The Canterbury Puzzles and Other Curious Problems
CreateSpace Independent Publishing Platform, 25 cze 2018 - 132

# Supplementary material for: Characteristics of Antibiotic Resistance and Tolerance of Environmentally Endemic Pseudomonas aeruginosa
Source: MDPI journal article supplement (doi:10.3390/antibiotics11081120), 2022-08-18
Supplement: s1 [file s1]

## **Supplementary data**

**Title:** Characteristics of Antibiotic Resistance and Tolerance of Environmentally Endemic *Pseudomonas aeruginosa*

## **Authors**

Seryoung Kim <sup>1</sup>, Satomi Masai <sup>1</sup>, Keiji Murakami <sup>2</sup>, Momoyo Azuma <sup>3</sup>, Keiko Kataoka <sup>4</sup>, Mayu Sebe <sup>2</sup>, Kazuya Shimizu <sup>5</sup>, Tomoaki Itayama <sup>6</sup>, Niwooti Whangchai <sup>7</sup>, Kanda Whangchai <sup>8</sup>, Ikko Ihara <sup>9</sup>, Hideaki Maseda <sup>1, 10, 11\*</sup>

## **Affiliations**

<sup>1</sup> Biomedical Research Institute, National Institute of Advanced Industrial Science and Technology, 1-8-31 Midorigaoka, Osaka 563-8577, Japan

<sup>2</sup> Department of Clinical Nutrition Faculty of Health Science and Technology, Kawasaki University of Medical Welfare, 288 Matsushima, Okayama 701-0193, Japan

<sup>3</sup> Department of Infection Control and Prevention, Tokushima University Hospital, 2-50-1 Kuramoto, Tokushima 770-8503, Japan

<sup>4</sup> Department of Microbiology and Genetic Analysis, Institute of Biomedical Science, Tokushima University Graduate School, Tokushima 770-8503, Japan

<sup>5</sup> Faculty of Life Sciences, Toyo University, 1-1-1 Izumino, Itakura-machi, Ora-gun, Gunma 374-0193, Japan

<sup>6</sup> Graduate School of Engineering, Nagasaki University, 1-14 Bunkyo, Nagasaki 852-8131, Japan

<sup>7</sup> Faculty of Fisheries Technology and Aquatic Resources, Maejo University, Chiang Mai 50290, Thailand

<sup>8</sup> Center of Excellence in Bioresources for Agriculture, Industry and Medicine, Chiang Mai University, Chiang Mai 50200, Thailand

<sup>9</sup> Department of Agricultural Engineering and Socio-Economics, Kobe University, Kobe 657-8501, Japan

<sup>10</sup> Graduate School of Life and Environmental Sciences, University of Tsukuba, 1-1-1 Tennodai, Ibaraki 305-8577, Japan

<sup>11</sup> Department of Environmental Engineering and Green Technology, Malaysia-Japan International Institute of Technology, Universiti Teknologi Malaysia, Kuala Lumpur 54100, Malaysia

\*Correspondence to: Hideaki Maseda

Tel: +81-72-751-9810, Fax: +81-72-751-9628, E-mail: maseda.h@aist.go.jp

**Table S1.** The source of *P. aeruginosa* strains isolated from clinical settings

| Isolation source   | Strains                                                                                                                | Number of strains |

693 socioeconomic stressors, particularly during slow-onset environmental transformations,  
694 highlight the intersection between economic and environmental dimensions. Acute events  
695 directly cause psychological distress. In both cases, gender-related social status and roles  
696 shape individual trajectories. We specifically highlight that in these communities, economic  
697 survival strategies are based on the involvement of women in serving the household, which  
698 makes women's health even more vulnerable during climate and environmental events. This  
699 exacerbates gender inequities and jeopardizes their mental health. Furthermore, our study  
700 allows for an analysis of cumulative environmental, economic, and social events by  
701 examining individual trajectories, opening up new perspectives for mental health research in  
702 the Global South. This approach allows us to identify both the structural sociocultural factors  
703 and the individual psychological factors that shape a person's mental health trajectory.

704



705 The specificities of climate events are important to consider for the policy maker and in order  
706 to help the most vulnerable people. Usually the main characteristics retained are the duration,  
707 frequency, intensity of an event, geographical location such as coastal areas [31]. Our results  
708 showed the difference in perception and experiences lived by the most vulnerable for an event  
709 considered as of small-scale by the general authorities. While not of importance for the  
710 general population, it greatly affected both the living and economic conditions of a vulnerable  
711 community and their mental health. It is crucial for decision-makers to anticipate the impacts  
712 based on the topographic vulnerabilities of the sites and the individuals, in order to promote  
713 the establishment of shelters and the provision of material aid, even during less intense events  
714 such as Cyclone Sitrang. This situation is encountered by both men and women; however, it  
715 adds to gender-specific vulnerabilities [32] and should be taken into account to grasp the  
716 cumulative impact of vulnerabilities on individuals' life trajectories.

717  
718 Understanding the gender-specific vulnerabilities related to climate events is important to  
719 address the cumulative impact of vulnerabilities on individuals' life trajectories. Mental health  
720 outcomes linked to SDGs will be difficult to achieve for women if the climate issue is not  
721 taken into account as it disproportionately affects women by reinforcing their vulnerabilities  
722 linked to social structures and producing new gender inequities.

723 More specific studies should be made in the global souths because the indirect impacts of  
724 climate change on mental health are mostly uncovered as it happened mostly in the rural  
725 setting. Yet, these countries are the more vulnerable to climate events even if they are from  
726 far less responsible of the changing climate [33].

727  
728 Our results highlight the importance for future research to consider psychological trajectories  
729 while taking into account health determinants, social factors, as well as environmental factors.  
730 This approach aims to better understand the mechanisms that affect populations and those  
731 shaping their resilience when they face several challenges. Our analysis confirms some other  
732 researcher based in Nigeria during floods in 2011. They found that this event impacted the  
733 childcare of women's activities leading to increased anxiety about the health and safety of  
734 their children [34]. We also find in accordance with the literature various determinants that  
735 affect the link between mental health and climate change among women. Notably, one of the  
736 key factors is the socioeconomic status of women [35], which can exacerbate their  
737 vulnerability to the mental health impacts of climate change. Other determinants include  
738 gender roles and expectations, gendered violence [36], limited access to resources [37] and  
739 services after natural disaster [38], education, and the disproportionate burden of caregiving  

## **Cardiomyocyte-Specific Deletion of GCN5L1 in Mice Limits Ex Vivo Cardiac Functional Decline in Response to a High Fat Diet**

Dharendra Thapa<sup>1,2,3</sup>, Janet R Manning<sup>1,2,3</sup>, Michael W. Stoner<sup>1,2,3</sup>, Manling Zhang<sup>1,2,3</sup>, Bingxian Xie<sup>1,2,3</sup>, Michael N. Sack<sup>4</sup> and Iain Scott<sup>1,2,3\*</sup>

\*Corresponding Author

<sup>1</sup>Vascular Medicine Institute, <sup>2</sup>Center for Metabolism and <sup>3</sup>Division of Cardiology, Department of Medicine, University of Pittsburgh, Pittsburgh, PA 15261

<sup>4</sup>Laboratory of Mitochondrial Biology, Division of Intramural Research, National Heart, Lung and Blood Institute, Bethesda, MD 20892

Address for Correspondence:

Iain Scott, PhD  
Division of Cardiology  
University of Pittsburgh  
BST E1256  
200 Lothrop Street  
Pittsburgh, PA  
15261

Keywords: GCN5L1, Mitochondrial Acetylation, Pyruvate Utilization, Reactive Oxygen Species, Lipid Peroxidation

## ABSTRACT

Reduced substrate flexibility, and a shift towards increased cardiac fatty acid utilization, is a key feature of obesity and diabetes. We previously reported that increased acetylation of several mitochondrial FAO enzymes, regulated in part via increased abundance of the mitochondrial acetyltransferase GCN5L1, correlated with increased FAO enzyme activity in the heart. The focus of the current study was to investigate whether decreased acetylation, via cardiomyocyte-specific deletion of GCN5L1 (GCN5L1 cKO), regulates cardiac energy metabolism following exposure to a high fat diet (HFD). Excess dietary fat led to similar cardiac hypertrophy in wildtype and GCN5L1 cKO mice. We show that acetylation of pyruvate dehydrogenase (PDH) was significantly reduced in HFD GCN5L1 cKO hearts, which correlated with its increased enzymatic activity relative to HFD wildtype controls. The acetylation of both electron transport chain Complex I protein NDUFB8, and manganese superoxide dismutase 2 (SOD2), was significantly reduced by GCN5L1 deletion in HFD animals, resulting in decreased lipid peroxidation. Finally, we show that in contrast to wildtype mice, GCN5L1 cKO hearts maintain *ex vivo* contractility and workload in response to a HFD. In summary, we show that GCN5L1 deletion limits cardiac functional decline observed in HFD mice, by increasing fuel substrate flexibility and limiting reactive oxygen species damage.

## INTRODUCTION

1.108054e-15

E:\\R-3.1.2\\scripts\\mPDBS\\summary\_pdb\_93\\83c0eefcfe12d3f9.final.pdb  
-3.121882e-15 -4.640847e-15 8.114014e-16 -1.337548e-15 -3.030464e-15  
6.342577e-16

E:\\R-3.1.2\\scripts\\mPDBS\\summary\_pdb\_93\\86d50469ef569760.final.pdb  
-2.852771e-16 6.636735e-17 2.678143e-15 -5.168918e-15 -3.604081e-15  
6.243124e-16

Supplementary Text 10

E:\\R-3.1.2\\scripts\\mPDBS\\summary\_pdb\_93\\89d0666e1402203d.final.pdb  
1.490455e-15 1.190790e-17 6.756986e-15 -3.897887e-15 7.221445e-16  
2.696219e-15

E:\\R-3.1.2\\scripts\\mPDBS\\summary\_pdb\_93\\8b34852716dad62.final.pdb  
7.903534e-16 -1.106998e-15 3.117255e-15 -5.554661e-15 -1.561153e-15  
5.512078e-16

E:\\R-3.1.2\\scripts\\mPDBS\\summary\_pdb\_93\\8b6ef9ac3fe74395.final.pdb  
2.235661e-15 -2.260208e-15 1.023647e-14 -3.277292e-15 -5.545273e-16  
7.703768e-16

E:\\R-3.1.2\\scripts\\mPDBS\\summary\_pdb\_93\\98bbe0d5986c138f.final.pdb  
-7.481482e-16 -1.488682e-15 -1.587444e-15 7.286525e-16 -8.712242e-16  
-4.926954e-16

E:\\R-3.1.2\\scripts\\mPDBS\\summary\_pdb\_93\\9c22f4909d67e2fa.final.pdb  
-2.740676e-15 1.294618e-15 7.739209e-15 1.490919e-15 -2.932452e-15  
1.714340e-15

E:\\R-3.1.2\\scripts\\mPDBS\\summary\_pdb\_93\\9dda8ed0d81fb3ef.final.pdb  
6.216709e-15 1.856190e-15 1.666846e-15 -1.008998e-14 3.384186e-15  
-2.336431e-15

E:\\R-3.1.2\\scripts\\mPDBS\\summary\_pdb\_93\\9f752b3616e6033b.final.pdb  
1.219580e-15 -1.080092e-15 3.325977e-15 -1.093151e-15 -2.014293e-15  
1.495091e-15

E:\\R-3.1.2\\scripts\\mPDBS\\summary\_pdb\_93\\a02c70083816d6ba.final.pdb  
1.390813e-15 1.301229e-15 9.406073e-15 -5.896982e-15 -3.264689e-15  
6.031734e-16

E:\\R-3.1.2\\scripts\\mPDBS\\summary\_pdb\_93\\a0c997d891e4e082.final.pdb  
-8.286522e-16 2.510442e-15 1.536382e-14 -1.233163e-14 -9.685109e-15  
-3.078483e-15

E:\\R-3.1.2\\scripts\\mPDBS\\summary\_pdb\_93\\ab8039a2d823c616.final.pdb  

The Canterbury Puzzles And Other Curious Problems Henry Ernest Dudeney Readers of The Mill on the Floss will remember that whenever Mr. Tulliver found himself confronted by any little difficulty he was accustomed to make the trite remark, "It's a puzzling world." There can be no denying the fact that we are surrounded on every hand by posers, some of which the intellect of man has mastered, and many of which may be said to be impossible of solution. Solomon himself, who may be supposed to have been as sharp as most men at solving a puzzle, had to admit "there be three things which are too wonderful for me; yea, four which I know not: the way of an eagle in the air; the way of a serpent upon a rock; the way of a ship in the midst of the sea; and the way of a man with a maid." Probing into the secrets of Nature is a passion with all men; only we select different lines of research. Men have spent long lives in such attempts as to turn the baser metals into gold, to discover perpetual motion, to find a cure for certain malignant diseases, and to navigate the air. From morning to night we are being perpetually brought face to face with puzzles. But there are puzzles and puzzles. Those that are usually devised for recreation and pastime may be roughly divided into two classes: Puzzles that are built up on some interesting or informing little principle; and puzzles that conceal no principle whatever-such as a picture cut at random into little bits to be put together again, or the juvenile imbecility known as the "rebus," or "picture puzzle." The former species may be said to be adapted to the amusement of the sane man or woman; the latter can be confidently recommended to the feeble-minded. The curious propensity for propounding puzzles is not peculiar to any race or to any period of history. It is simply innate in every intelligent man, woman, and child that has ever lived, though it is always showing itself in different forms; whether the individual be a Sphinx of Egypt, a Samson of Hebrew lore, an Indian fakir, a Chinese philosopher, a mahatma of Tibet, or a European mathematician makes little difference. Theologian, scientist, and artisan are perpetually engaged in attempting to solve puzzles, while every game, sport, and pastime is built up of problems of greater or less difficulty. The spontaneous question asked by the child of his parent, by one cyclist of another while taking a brief rest on a stile, by a cricketer during the luncheon hour, or by a yachtsman lazily scanning the horizon, is frequently a problem of considerable difficulty. In short, we are all propounding puzzles to one another every day of our lives-without always knowing it. We are delighted to publish this classic book as part of our extensive Classic Library collection. Many of the books in our collection have been out of print for decades, and therefore have not been accessible to the general public. The aim of our publishing program is to facilitate rapid access to this vast reservoir of literature, and our view is that this is a significant literary work, which deserves to be brought back into print after many decades. The contents of the vast majority of titles in the Classic Library have been scanned from the original works. To ensure a high quality product, each title has been meticulously hand curated by our staff. Our philosophy has been guided by a desire to provide the reader with a book that is as close as possible to ownership of the original work. We hope that you will enjoy this wonderful classic work, and that for you it becomes an enriching experience.
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